Consequences of Continental Glaciation

Consequences of Continental Glaciation

Ice Loading and Glacial Rebound 

The concept of subsidence and rebound, due to continental glaciation and deglaciation. (Not to scale.)
When a large ice sheet (more than 50 km in diameter) grows on a continent, its weight causes the surface of the lithosphere to sink. In other words, ice loading causes glacial subsidence. Lithosphere, the relatively rigid outer shell of the Earth, can sink because the underlying asthenosphere is soft enough to flow slowly out of the way (figure above). Because of ice loading, much of Antarctica and Greenland now lie below sea level, so if their ice were instantly to melt away, these continents would be flooded by a shallow sea.
What happens when continental ice sheets do melt away? Gradually, the surface of the underlying continent rises back up, by a process called glacial rebound, and the asthenosphere flows back underneath to fill the space. This process doesn't take place instantly, the asthenosphere flows so slowly (at rates of a few millimetres per year) that it takes thousands of years for ice-depressed continents to rebound. Thus, glacial rebound is still taking place in some regions that were covered by ice during the Pleistocene Ice Age.

Sea-Level Changes: The Glacial Reservoir 

The link between sea level and global glaciation: glaciers store water so when glaciers grow, sea level falls, and when glaciers melt, sea level rises.
More of the Earth’s surface and near-surface freshwater resides in glacial ice than in any other reservoir. During the Pleistocene Ice Age, glaciers covered almost three times as much land area so they held significantly more water than they do today. In effect, water from the ocean reservoir transferred to the glacial reservoir and remained trapped on land. As a consequence, sea level dropped by as much as 100 m, and extensive areas of continental shelves became exposed as the coastline migrated seaward (figure above a–c). People and animals populated the exposed coastal plains. The drop in sea level also created land bridges across the Bering Strait between North America and northeastern Asia, providing convenient migration routes for prehistoric humans.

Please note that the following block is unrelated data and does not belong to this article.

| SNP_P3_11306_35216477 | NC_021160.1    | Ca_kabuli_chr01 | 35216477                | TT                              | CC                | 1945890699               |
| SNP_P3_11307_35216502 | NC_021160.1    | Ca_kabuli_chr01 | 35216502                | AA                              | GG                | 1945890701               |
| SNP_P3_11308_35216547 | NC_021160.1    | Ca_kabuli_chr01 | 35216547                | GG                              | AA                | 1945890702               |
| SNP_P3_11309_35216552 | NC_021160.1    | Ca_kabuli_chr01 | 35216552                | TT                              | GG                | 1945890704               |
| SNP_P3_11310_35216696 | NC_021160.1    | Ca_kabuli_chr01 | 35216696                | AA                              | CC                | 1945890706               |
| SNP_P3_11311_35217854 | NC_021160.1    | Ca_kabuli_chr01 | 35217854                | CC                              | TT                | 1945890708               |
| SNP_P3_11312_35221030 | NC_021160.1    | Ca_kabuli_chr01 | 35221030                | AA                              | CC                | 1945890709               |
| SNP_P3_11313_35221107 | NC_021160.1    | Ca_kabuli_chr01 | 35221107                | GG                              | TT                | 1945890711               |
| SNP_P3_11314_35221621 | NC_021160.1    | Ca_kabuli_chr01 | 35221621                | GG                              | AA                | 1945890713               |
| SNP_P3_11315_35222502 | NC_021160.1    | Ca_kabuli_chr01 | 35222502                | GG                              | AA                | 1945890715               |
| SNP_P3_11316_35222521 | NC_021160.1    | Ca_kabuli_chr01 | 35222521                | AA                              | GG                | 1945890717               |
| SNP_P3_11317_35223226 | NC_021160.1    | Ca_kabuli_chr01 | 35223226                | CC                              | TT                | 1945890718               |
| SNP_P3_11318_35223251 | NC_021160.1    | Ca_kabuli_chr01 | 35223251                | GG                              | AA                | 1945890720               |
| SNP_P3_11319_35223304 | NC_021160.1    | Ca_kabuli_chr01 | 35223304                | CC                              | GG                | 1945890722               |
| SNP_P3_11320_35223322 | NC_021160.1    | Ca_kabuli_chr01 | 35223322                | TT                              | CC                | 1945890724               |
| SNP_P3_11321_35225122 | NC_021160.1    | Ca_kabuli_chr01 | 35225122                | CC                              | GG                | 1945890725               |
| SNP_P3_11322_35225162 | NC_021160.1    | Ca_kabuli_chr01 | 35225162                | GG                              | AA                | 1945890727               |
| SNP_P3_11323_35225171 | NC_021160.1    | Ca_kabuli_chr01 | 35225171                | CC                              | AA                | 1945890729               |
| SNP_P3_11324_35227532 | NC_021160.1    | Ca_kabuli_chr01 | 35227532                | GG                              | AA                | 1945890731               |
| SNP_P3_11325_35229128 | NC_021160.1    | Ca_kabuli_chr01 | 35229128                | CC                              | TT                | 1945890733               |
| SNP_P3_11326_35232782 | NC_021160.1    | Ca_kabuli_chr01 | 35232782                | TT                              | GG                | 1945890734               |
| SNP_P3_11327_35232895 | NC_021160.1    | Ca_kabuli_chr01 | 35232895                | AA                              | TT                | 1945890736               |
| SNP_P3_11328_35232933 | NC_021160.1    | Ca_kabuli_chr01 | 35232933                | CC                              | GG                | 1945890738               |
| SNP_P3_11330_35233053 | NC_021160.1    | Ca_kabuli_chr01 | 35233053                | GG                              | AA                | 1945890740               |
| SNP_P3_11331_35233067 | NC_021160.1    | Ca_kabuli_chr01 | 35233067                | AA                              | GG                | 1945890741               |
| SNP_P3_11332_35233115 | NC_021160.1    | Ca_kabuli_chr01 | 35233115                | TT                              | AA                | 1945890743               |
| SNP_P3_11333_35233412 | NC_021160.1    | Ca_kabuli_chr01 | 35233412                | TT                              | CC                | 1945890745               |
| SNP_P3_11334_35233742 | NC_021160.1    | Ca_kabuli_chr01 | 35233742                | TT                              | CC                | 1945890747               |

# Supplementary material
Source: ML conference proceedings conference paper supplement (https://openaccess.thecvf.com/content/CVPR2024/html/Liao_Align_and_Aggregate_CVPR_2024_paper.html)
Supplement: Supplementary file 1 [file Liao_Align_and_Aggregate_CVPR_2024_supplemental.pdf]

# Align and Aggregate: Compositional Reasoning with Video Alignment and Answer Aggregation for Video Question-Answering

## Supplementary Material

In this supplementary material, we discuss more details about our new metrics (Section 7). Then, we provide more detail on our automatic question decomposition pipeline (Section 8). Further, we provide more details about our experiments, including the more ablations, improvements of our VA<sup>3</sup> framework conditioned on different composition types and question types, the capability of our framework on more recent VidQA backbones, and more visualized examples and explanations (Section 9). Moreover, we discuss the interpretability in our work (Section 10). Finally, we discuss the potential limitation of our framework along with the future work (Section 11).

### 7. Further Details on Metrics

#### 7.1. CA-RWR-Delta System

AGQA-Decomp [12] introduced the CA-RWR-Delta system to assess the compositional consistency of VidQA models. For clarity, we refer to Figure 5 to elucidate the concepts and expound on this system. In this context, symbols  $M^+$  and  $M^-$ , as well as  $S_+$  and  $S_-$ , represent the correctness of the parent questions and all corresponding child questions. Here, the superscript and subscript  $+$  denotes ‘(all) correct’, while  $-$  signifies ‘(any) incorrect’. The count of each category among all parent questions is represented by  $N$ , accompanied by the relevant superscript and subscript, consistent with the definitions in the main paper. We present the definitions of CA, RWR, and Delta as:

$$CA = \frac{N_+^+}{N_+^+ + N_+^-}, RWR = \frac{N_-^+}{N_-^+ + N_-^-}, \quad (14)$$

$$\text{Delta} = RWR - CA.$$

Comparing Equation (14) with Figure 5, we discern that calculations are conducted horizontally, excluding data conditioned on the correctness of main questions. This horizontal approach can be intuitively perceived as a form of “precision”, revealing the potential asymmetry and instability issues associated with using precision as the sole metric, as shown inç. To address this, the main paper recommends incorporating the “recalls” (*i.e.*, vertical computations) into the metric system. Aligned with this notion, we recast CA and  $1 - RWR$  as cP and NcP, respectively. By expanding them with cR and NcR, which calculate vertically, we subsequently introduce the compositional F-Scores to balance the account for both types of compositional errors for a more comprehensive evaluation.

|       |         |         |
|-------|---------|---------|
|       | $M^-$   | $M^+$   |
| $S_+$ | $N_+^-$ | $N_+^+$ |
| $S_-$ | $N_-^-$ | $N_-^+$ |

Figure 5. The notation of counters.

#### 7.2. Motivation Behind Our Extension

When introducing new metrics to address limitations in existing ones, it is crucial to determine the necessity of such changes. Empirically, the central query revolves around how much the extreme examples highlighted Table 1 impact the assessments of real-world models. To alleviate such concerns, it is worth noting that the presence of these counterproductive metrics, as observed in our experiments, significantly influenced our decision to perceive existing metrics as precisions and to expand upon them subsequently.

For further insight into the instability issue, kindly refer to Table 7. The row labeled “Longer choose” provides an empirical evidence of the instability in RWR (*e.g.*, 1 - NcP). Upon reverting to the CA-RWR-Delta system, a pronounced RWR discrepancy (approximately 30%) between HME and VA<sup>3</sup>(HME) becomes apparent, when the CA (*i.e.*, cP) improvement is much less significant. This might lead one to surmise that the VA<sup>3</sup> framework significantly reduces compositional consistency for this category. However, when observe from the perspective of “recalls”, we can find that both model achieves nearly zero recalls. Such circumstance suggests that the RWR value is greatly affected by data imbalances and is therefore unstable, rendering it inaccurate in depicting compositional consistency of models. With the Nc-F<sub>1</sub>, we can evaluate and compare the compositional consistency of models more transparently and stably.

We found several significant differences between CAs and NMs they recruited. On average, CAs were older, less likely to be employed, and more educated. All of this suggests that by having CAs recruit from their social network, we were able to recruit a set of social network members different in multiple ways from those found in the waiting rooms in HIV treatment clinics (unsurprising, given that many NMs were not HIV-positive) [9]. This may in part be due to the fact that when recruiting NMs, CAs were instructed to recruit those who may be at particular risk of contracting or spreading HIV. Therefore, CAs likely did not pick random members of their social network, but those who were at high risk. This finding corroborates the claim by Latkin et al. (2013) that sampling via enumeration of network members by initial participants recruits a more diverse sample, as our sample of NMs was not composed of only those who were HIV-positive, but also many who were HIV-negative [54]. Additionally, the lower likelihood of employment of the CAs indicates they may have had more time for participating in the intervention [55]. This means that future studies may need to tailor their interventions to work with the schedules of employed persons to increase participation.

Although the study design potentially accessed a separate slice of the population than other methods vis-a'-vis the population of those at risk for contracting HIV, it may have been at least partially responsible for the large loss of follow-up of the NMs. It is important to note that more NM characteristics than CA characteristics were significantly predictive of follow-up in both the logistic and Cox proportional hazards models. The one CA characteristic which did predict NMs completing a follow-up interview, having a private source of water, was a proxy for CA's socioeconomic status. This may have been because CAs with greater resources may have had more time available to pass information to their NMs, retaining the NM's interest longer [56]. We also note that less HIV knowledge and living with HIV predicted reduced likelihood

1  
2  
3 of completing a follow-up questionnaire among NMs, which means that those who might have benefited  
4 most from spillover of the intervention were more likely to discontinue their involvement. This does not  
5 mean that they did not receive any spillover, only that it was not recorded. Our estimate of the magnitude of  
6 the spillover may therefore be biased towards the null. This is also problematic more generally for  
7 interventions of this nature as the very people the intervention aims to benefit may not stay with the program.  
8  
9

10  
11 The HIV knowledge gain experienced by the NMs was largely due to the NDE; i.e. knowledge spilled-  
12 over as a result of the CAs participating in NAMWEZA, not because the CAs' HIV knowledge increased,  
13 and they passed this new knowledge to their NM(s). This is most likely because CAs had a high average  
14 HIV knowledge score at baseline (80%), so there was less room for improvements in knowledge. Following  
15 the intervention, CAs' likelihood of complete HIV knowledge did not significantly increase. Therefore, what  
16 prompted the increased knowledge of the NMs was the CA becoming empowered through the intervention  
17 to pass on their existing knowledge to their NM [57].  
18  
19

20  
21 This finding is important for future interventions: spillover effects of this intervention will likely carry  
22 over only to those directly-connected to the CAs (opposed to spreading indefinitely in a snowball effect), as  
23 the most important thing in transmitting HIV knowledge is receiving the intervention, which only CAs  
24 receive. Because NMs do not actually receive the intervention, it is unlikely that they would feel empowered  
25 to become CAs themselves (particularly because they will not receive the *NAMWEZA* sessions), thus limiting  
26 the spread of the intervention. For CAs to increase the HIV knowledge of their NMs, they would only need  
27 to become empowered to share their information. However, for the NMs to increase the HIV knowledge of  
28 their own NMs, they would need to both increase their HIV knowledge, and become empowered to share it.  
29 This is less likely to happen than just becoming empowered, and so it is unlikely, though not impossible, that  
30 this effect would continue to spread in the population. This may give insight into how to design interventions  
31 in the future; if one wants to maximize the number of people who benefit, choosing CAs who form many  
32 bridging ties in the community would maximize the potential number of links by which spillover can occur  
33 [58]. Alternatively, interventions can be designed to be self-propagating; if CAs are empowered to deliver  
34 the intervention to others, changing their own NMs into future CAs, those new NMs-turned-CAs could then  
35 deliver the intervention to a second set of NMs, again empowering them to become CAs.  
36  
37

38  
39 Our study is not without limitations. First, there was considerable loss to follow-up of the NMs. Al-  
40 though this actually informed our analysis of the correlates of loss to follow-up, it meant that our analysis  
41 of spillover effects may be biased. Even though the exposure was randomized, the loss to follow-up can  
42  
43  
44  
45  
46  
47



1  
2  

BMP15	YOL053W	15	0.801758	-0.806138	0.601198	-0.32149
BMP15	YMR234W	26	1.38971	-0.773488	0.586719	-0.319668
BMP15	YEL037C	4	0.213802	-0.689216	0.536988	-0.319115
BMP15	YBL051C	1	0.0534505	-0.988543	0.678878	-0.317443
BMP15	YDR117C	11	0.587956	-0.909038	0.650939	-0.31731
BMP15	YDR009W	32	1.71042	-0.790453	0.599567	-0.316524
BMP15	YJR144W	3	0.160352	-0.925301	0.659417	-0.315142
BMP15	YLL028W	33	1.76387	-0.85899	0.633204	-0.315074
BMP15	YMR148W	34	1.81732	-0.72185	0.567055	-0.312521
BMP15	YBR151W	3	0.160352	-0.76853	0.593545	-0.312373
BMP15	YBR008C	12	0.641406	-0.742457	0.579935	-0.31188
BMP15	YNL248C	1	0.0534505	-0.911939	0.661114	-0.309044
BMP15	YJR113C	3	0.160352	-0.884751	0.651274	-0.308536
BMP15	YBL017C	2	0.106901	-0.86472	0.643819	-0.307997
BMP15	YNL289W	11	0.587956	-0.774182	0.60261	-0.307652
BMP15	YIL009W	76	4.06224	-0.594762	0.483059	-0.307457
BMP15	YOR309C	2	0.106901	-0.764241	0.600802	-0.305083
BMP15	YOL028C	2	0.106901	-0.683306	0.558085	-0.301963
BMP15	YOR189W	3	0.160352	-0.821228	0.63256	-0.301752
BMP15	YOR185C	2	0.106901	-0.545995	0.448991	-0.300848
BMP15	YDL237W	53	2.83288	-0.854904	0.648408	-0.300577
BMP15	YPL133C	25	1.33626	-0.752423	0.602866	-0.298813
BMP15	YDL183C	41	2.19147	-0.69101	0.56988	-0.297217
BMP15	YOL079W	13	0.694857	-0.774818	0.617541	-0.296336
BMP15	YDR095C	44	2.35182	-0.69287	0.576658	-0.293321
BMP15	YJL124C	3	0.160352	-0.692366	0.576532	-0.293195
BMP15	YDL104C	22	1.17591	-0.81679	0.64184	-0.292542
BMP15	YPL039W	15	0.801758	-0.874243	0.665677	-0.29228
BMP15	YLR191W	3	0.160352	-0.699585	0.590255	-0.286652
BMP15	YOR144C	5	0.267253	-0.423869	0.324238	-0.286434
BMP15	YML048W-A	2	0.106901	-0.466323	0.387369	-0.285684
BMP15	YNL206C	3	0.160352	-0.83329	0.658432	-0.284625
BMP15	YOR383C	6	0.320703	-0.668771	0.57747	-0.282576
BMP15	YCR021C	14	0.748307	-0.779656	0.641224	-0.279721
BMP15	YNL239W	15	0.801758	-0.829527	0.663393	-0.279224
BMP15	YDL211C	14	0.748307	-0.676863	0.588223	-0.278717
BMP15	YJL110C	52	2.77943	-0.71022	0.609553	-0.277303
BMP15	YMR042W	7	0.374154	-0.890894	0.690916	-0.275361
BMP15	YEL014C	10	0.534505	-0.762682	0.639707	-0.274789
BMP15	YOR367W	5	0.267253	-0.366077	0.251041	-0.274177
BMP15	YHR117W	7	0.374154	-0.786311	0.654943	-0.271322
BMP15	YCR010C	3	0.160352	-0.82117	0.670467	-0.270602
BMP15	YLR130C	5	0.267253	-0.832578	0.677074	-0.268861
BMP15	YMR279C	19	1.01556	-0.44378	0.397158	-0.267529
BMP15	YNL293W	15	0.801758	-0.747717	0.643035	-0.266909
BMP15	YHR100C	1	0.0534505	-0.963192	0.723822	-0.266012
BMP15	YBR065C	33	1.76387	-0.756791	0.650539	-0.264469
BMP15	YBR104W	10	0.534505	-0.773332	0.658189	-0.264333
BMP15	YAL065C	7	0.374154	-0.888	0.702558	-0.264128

Ice Dams, Drainage Reversals, and Lakes 

When ice freezes over a sewer opening in a street, neither meltwater nor rain can enter the drain, and the street floods. Ice sheets play a similar role in glaciated regions. The ice may block the course of a river, leading to the formation of a lake. In addition, the weight of a glacier changes the tilt of the land surface and therefore the gradients of streams, and glacial sediment may fill pre-existing valleys. In sum, continental glaciation modifies or destroys pre-existing drainage networks. While the glacier exists, streams find different routes and carve out new valleys; by the time the glacier melts away, these new streams have become so well established that old river courses may remain abandoned. 

Meltwater Floods